State Senate President Stephen Sweeney, D-3rd District, is pressing the state treasurer to testify about why the Murphy administration froze $235 million in spending – and how that money could be released –but is stopping short of issuing a subpoena to compel her appearance.
“There’s no reason for us to have to subpoena the treasurer,” Sweeney said at a press conference Wednesday at the Statehouse in Trenton. “If I have to subpoena the treasurer that’s because they’re hiding something.”
Top lawmakers including Sweeney have accused Gov. Phil Murphy of making the cuts as a kind of political retaliation against his foes.
Sweeney, in a series of back and forth letters with State Treasurer Elizabeth Maher Muoio, said he wanted to know why the freezes were put in place for the $38.7-billion 2020 state budget, and that he wants the treasurer to appear before lawmakers under oath to lay out the rationale for putting the money on hold.
“It’s out of great frustration that I have to ask the treasurer to come answer questions,” Sweeney said. “We’re not going to be ignored as a legislature.”
“It is never an easy task to place appropriations in reserve for programs that we all support,” Muoio wrote in one letter to Sweeney, dated July 10. “We will closely and continuously monitor our fiscal position so that we can release funds as soon as it is fiscally prudent to do so.”
The senate president previously called the freezes carried out by Murphy “Bridgegate on steroids.” He disputed the state had any kind of fiscal emergency that would have warranted the freezes, arguing that the Murphy administration has the flexibility to stow away money in the state’s rainy day fund.
“Our priority right now is to closely and continuously monitor our financial position with the goal of releasing funds as soon as it is fiscally prudent to do so,” the Treasurer’s office said in a statement to NJBIZ. “The Treasurer responded at length to the Senate President’s letters and asked for additional information about these programs that would help us manage the Governor’s Executive Order, including potentially removing individual items from reserve. To date, we still have not received that information.”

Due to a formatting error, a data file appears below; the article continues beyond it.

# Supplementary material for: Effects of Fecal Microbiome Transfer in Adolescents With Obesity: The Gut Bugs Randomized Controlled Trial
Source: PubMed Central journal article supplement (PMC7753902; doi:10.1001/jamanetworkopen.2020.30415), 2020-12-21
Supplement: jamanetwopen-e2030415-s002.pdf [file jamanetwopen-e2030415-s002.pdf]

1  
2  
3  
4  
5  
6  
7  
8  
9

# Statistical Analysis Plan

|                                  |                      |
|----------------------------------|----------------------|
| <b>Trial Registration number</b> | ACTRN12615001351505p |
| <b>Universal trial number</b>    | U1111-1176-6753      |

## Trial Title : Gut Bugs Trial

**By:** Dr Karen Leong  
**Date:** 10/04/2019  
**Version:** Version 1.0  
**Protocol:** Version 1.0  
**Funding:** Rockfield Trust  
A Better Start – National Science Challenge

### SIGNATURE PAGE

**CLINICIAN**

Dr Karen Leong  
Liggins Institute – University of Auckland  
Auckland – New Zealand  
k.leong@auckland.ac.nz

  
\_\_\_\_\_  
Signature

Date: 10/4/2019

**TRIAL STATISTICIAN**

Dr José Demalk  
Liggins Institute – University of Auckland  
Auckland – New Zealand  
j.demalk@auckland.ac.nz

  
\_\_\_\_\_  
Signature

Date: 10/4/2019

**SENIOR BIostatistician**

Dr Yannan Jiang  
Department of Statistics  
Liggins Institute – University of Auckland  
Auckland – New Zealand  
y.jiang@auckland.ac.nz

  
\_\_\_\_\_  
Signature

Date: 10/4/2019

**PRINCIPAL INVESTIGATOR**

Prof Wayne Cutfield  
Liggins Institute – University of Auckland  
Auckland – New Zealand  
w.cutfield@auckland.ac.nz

Roughly half of the spending freezes ($105 million) were for state aid to towns, which is used by often needier local governments to plug holes in their budgets. Tens of millions of dollars in state aid to universities were frozen, as well as $20 million for a substance disorder program at the Essex County jail.
Murphy also froze over $27 million for different projects related to the Cooper University Health System – where South Jersey powerbroker George Norcross is a top executive – prompting accusations that the decision was part of an effort by Murphy to politically twist Norcross’ arm.
“It doesn’t smell right when all the cancer funding in South Jersey is frozen but nowhere else,” Sweeney said. “I lost a mother and brother to cancer. It gets a little personal when you see that.”
“The spending items were placed in reserve as a prudent measure to hedge against many of the uncertainties in the Legislature’s budget until we see how they pan out,” the statement from the Treasurer’s office continued. “The items placed in reserve do not disproportionately affect any one geographic area. They are spread out all over the state, in many districts, and were determined based on the criteria laid out in the Governor’s Executive Order.”
Representatives for the governor’s office could not immediately be reached for comment, but Murphy has denied any political motivation for the spending freezes.
“The overwhelming amount of the up to $235 million are programs we like,” Murphy said at a June budget press conference. “At the end of the day, the buck stops with me. I’ve got to certify these revenues.”
Muoio used her letter to accuse lawmakers of not being transparent with how they ended up adding certain budget items – which the governor froze – into the spending plan.
She also argued in a letter to Sweeney dated July 23 that the freezes were put in place because the Legislature’s budget was built on “at-risk” and questionable savings, and under-estimated project costs.